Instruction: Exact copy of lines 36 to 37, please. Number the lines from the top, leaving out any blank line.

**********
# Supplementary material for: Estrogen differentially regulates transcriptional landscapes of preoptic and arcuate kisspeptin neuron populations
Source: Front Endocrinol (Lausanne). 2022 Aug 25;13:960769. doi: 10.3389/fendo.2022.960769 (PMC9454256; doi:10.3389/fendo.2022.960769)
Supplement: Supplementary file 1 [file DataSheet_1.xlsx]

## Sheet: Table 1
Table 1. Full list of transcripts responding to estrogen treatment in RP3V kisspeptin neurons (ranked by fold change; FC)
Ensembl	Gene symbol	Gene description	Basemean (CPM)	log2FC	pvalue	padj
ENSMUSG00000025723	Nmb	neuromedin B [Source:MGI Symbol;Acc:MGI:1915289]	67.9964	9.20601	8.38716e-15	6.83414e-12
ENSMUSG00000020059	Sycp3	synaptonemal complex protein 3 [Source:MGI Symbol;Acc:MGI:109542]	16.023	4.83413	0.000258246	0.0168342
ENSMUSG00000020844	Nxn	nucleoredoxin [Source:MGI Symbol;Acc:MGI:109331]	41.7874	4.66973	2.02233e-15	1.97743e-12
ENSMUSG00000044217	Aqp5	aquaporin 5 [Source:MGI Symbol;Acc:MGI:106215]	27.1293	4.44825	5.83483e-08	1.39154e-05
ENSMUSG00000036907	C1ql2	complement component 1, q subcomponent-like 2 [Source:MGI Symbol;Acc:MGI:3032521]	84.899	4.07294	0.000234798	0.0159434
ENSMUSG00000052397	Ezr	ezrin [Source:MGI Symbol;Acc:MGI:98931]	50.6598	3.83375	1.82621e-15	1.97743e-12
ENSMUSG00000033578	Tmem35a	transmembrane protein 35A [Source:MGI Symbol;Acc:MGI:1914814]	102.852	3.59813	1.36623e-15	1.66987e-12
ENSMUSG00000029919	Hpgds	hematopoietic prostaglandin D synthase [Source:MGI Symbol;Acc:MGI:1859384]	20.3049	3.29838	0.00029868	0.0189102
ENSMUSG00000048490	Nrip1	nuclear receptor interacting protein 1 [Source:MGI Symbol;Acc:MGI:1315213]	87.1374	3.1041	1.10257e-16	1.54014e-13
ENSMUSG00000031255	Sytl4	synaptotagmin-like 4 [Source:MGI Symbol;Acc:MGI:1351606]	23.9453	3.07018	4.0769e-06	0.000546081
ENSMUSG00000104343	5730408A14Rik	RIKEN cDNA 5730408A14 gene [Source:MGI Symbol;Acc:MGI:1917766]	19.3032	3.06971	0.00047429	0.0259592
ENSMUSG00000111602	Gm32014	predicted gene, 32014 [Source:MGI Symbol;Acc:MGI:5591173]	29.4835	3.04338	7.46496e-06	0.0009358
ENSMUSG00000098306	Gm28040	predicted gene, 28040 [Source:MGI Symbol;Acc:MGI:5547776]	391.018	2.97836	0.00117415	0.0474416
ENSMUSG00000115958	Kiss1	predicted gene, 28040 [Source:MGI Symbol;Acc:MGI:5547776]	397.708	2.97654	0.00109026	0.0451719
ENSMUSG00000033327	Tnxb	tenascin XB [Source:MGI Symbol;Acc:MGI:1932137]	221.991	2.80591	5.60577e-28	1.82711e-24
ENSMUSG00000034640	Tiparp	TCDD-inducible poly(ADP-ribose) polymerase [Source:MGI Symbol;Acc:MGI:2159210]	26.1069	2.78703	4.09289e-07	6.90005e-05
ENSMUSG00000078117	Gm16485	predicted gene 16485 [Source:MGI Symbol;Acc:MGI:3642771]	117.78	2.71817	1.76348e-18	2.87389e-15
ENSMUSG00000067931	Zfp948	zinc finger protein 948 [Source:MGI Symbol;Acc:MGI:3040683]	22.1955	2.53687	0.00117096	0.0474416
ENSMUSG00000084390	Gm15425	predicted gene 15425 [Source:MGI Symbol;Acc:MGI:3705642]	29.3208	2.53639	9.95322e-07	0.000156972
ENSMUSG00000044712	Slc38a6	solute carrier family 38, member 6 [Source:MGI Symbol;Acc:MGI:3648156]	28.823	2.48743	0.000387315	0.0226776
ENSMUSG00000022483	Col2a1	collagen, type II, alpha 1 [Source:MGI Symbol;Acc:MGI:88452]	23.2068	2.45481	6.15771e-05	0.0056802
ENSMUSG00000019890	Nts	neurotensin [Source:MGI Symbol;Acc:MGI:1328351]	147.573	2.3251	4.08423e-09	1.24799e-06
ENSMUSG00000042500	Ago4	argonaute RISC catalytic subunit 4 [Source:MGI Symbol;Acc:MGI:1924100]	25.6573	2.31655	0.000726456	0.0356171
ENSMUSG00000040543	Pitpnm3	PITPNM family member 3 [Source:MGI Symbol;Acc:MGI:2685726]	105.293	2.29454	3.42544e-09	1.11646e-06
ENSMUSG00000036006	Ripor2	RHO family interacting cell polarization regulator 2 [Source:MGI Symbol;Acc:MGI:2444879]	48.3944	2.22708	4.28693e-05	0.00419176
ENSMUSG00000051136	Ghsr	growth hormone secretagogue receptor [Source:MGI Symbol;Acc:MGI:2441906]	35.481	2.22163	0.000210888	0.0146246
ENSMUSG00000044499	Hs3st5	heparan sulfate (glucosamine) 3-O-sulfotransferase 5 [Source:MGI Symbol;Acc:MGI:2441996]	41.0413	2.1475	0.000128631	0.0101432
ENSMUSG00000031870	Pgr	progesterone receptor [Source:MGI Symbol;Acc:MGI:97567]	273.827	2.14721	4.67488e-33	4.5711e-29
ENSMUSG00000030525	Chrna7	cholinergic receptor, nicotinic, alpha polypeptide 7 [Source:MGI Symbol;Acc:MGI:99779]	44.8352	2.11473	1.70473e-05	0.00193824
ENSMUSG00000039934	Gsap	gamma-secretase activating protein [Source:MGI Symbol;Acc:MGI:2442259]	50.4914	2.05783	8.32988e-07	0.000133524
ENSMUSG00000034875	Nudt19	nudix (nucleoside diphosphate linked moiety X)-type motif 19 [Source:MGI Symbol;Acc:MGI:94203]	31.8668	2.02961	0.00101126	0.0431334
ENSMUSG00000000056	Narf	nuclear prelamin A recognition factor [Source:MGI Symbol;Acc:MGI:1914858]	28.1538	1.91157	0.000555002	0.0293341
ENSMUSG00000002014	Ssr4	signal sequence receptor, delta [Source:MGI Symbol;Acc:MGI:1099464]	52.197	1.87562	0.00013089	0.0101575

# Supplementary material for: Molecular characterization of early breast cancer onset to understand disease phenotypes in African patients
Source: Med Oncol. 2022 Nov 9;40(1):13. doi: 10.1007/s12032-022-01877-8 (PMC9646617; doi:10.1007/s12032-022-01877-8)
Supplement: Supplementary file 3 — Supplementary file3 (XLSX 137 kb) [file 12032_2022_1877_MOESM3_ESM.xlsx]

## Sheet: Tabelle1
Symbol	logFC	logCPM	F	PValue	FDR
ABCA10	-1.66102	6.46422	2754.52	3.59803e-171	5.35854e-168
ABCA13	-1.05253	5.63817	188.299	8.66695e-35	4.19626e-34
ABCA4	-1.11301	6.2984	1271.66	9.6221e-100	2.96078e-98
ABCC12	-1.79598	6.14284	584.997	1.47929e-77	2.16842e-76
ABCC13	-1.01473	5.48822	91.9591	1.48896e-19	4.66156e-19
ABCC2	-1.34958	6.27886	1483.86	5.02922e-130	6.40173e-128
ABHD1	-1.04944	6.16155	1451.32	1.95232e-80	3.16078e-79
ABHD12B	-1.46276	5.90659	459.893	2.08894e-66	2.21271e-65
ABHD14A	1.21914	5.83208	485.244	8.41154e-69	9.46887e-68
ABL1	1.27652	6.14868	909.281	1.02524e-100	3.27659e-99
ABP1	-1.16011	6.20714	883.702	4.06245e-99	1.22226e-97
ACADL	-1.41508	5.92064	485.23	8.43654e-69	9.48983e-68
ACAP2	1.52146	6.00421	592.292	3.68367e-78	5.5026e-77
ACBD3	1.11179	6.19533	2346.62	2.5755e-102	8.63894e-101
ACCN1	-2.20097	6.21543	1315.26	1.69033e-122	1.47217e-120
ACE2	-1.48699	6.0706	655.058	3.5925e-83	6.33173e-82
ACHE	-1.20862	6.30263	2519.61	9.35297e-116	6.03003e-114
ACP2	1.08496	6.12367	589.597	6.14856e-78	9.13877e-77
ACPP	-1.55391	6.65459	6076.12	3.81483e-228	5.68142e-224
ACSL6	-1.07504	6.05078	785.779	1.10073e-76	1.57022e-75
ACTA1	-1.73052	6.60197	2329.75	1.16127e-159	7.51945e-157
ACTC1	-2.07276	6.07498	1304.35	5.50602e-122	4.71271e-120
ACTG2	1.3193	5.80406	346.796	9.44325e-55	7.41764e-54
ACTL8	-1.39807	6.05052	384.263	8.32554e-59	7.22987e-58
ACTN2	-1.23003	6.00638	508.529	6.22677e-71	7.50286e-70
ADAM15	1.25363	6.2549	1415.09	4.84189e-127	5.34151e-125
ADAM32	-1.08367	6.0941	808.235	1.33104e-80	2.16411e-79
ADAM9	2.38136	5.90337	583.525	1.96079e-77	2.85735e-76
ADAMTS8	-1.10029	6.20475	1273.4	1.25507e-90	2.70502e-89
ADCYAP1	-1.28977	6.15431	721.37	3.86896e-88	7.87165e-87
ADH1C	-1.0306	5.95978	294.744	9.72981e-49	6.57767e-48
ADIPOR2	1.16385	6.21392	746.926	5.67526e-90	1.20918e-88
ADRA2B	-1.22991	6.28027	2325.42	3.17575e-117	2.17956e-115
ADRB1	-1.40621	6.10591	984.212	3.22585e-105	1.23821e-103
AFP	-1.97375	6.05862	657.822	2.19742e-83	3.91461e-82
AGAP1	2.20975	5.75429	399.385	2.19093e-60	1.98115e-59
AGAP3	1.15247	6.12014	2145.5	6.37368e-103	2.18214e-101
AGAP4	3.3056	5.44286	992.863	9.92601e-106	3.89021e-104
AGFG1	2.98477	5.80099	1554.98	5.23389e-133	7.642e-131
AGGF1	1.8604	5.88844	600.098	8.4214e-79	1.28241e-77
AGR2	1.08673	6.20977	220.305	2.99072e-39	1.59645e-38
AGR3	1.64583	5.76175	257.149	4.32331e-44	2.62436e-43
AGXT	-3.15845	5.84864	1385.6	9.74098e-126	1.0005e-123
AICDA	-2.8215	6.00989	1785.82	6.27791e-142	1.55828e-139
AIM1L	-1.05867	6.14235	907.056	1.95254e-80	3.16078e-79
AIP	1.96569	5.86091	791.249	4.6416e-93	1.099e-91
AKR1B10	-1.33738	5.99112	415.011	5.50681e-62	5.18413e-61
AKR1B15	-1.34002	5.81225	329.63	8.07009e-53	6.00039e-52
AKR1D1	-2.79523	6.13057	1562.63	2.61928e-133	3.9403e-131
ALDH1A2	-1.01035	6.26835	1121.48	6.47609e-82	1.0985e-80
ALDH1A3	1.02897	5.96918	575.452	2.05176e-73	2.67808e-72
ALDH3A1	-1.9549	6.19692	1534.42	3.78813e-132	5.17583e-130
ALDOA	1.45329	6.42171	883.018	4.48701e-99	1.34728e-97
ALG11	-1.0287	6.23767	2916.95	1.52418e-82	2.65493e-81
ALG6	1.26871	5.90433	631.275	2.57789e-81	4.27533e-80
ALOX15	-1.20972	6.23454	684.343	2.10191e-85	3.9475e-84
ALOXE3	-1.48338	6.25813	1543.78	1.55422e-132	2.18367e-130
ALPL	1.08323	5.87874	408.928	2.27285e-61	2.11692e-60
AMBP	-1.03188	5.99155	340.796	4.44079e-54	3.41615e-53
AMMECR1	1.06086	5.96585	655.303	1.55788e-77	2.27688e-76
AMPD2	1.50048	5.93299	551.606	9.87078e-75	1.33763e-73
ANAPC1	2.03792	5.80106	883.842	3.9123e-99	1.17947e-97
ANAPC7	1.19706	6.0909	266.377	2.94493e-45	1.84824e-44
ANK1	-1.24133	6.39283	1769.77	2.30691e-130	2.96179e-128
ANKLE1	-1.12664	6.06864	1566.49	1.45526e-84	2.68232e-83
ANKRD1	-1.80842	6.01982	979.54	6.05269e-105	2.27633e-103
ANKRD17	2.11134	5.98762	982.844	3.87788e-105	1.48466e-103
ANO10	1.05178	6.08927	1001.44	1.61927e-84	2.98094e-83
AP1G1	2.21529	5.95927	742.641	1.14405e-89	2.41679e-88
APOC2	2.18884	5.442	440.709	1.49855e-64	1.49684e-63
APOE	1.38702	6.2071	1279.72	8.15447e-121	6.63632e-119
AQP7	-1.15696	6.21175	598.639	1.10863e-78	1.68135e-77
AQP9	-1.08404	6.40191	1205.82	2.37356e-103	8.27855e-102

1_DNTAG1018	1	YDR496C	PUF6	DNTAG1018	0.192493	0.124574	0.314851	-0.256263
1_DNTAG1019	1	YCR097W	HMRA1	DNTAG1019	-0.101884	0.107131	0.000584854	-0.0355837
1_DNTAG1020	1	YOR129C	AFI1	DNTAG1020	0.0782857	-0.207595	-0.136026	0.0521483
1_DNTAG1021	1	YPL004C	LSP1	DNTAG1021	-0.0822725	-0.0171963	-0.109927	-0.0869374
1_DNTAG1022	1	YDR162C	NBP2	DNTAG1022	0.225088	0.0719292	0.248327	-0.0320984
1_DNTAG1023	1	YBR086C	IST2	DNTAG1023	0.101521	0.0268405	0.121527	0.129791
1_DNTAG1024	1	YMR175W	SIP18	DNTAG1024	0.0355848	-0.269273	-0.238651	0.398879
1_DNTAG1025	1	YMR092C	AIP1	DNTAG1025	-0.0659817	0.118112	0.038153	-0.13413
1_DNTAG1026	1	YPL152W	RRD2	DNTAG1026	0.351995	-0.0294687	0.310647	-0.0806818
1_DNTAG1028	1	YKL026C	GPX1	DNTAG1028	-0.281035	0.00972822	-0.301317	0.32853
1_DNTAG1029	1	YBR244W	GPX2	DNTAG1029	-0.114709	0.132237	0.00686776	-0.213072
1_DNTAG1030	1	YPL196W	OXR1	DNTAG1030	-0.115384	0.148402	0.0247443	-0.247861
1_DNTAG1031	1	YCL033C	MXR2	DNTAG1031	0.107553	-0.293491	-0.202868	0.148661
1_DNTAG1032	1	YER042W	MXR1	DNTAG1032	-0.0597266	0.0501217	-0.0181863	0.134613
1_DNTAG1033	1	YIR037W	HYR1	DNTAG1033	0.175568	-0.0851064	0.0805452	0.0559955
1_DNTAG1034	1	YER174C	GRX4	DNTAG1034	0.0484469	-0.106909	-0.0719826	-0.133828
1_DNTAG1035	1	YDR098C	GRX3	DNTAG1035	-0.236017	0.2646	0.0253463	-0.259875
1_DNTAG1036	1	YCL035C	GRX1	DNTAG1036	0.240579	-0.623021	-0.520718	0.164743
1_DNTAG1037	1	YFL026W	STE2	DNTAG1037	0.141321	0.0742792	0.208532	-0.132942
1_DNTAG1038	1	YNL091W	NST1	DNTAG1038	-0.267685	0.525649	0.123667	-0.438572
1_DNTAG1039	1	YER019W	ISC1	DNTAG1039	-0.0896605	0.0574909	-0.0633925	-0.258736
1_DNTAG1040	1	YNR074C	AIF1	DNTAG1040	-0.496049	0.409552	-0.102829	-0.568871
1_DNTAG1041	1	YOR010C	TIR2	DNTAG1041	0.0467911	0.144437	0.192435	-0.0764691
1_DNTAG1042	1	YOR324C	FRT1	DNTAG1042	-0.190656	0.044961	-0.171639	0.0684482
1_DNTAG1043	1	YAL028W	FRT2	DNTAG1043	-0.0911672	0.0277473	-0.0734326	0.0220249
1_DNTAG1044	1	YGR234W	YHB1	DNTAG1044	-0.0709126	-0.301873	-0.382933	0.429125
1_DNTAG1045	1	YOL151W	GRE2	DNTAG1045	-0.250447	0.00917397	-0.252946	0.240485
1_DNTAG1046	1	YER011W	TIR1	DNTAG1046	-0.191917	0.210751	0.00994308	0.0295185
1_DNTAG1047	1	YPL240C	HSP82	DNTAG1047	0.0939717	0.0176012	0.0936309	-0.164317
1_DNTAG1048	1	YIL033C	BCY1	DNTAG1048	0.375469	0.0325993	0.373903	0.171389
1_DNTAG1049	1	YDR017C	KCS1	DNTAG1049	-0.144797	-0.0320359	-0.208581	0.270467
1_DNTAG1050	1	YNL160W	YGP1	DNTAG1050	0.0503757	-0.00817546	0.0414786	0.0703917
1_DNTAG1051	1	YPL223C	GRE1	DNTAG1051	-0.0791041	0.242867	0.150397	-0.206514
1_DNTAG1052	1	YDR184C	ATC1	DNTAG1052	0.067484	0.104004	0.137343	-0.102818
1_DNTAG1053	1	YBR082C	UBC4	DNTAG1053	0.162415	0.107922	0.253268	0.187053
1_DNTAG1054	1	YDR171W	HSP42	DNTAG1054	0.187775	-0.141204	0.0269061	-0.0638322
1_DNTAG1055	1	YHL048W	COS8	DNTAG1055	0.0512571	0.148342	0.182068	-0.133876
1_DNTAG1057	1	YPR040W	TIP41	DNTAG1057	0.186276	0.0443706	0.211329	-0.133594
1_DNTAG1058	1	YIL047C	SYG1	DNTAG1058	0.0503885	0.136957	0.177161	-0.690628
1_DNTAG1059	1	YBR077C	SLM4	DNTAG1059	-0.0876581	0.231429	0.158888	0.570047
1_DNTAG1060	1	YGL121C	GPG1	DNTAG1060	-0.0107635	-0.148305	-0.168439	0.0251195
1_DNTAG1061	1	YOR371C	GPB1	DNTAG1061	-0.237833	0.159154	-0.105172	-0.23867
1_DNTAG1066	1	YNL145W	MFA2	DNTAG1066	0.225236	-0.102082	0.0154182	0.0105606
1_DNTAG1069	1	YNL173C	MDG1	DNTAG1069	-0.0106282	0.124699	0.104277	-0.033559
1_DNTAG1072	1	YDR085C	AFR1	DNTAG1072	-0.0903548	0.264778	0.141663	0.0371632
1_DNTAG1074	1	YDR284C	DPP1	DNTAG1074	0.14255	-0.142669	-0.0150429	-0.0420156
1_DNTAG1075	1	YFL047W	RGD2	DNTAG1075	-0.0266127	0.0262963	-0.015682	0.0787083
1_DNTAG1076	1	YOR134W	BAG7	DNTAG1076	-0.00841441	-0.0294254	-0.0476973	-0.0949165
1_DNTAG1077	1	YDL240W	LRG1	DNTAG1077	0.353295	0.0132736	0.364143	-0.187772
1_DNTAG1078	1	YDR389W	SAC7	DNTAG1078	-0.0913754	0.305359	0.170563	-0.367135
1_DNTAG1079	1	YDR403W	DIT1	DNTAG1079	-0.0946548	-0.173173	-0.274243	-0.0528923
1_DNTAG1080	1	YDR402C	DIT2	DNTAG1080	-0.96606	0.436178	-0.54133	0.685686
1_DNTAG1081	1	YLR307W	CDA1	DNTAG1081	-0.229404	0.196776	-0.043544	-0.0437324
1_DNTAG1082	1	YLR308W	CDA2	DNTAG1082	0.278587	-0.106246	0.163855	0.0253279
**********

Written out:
ENSMUSG00000039934	Gsap	gamma-secretase activating protein [Source:MGI Symbol;Acc:MGI:2442259]	50.4914	2.05783	8.32988e-07	0.000133524
ENSMUSG00000034875	Nudt19	nudix (nucleoside diphosphate linked moiety X)-type motif 19 [Source:MGI Symbol;Acc:MGI:94203]	31.8668	2.02961	0.00101126	0.0431334